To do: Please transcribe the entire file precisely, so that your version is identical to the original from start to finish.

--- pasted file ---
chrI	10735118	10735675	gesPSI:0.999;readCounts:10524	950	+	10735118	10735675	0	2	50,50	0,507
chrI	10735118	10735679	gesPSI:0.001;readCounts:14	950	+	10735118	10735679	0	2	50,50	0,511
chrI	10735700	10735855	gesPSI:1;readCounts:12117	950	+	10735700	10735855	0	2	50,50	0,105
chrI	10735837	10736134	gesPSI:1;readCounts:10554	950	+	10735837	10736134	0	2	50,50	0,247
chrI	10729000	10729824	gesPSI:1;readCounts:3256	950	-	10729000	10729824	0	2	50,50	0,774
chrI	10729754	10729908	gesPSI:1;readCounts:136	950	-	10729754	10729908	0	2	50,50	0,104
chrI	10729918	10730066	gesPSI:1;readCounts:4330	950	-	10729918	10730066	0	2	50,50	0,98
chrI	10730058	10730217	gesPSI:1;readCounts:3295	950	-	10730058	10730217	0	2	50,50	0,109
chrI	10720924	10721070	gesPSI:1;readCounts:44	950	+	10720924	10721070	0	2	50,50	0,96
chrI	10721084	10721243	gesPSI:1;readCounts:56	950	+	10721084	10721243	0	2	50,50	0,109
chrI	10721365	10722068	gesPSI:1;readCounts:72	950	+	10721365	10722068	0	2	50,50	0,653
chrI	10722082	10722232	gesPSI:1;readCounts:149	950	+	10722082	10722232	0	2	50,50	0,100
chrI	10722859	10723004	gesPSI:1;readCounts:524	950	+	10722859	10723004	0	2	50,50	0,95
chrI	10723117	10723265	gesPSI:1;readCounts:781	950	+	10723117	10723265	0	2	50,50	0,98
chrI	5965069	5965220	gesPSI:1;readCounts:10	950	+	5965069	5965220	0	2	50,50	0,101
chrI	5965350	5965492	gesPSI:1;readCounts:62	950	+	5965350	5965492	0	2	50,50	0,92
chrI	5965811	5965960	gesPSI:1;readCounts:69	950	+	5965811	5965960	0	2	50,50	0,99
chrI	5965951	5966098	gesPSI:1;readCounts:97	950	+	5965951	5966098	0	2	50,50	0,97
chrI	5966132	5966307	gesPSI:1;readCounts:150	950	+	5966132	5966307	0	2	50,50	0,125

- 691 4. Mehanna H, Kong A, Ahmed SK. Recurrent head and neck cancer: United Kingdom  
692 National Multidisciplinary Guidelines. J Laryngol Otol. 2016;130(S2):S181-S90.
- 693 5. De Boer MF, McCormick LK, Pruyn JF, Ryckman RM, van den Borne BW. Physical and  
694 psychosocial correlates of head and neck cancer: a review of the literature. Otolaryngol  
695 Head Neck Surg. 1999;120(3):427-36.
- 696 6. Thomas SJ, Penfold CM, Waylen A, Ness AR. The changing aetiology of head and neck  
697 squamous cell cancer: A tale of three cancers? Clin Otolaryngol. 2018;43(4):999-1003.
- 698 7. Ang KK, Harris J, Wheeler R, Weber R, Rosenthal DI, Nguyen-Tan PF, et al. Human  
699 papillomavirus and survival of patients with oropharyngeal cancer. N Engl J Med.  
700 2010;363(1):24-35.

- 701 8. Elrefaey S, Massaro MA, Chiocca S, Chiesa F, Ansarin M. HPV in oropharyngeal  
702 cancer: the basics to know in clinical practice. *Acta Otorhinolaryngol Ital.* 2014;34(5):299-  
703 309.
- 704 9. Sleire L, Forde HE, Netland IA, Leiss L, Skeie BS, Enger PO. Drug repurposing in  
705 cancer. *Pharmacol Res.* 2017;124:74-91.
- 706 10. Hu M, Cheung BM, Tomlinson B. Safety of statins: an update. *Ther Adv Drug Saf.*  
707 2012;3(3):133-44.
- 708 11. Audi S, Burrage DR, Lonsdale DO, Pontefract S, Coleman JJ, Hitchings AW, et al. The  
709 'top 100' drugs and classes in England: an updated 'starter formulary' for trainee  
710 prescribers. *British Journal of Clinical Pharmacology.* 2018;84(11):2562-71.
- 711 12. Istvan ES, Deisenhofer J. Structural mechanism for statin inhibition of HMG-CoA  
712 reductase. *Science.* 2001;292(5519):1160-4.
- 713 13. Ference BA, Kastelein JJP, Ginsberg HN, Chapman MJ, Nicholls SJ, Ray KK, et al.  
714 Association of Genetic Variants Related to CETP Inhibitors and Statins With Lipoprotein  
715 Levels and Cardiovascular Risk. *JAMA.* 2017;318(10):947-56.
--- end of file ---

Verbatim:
chrI	10735118	10735675	gesPSI:0.999;readCounts:10524	950	+	10735118	10735675	0	2	50,50	0,507
chrI	10735118	10735679	gesPSI:0.001;readCounts:14	950	+	10735118	10735679	0	2	50,50	0,511
chrI	10735700	10735855	gesPSI:1;readCounts:12117	950	+	10735700	10735855	0	2	50,50	0,105
chrI	10735837	10736134	gesPSI:1;readCounts:10554	950	+	10735837	10736134	0	2	50,50	0,247
chrI	10729000	10729824	gesPSI:1;readCounts:3256	950	-	10729000	10729824	0	2	50,50	0,774
chrI	10729754	10729908	gesPSI:1;readCounts:136	950	-	10729754	10729908	0	2	50,50	0,104
chrI	10729918	10730066	gesPSI:1;readCounts:4330	950	-	10729918	10730066	0	2	50,50	0,98
chrI	10730058	10730217	gesPSI:1;readCounts:3295	950	-	10730058	10730217	0	2	50,50	0,109
chrI	10720924	10721070	gesPSI:1;readCounts:44	950	+	10720924	10721070	0	2	50,50	0,96
chrI	10721084	10721243	gesPSI:1;readCounts:56	950	+	10721084	10721243	0	2	50,50	0,109
chrI	10721365	10722068	gesPSI:1;readCounts:72	950	+	10721365	10722068	0	2	50,50	0,653
chrI	10722082	10722232	gesPSI:1;readCounts:149	950	+	10722082	10722232	0	2	50,50	0,100
chrI	10722859	10723004	gesPSI:1;readCounts:524	950	+	10722859	10723004	0	2	50,50	0,95
chrI	10723117	10723265	gesPSI:1;readCounts:781	950	+	10723117	10723265	0	2	50,50	0,98
chrI	5965069	5965220	gesPSI:1;readCounts:10	950	+	5965069	5965220	0	2	50,50	0,101
chrI	5965350	5965492	gesPSI:1;readCounts:62	950	+	5965350	5965492	0	2	50,50	0,92
chrI	5965811	5965960	gesPSI:1;readCounts:69	950	+	5965811	5965960	0	2	50,50	0,99
chrI	5965951	5966098	gesPSI:1;readCounts:97	950	+	5965951	5966098	0	2	50,50	0,97
chrI	5966132	5966307	gesPSI:1;readCounts:150	950	+	5966132	5966307	0	2	50,50	0,125

- 691 4. Mehanna H, Kong A, Ahmed SK. Recurrent head and neck cancer: United Kingdom  
692 National Multidisciplinary Guidelines. J Laryngol Otol. 2016;130(S2):S181-S90.
- 693 5. De Boer MF, McCormick LK, Pruyn JF, Ryckman RM, van den Borne BW. Physical and  
694 psychosocial correlates of head and neck cancer: a review of the literature. Otolaryngol  
695 Head Neck Surg. 1999;120(3):427-36.
- 696 6. Thomas SJ, Penfold CM, Waylen A, Ness AR. The changing aetiology of head and neck  
697 squamous cell cancer: A tale of three cancers? Clin Otolaryngol. 2018;43(4):999-1003.
- 698 7. Ang KK, Harris J, Wheeler R, Weber R, Rosenthal DI, Nguyen-Tan PF, et al. Human  
699 papillomavirus and survival of patients with oropharyngeal cancer. N Engl J Med.  
700 2010;363(1):24-35.

- 701 8. Elrefaey S, Massaro MA, Chiocca S, Chiesa F, Ansarin M. HPV in oropharyngeal  
702 cancer: the basics to know in clinical practice. *Acta Otorhinolaryngol Ital.* 2014;34(5):299-  
703 309.
- 704 9. Sleire L, Forde HE, Netland IA, Leiss L, Skeie BS, Enger PO. Drug repurposing in  
705 cancer. *Pharmacol Res.* 2017;124:74-91.
- 706 10. Hu M, Cheung BM, Tomlinson B. Safety of statins: an update. *Ther Adv Drug Saf.*  
707 2012;3(3):133-44.
- 708 11. Audi S, Burrage DR, Lonsdale DO, Pontefract S, Coleman JJ, Hitchings AW, et al. The  
709 'top 100' drugs and classes in England: an updated 'starter formulary' for trainee  
710 prescribers. *British Journal of Clinical Pharmacology.* 2018;84(11):2562-71.
- 711 12. Istvan ES, Deisenhofer J. Structural mechanism for statin inhibition of HMG-CoA  
712 reductase. *Science.* 2001;292(5519):1160-4.
- 713 13. Ference BA, Kastelein JJP, Ginsberg HN, Chapman MJ, Nicholls SJ, Ray KK, et al.  
714 Association of Genetic Variants Related to CETP Inhibitors and Statins With Lipoprotein  
715 Levels and Cardiovascular Risk. *JAMA.* 2017;318(10):947-56.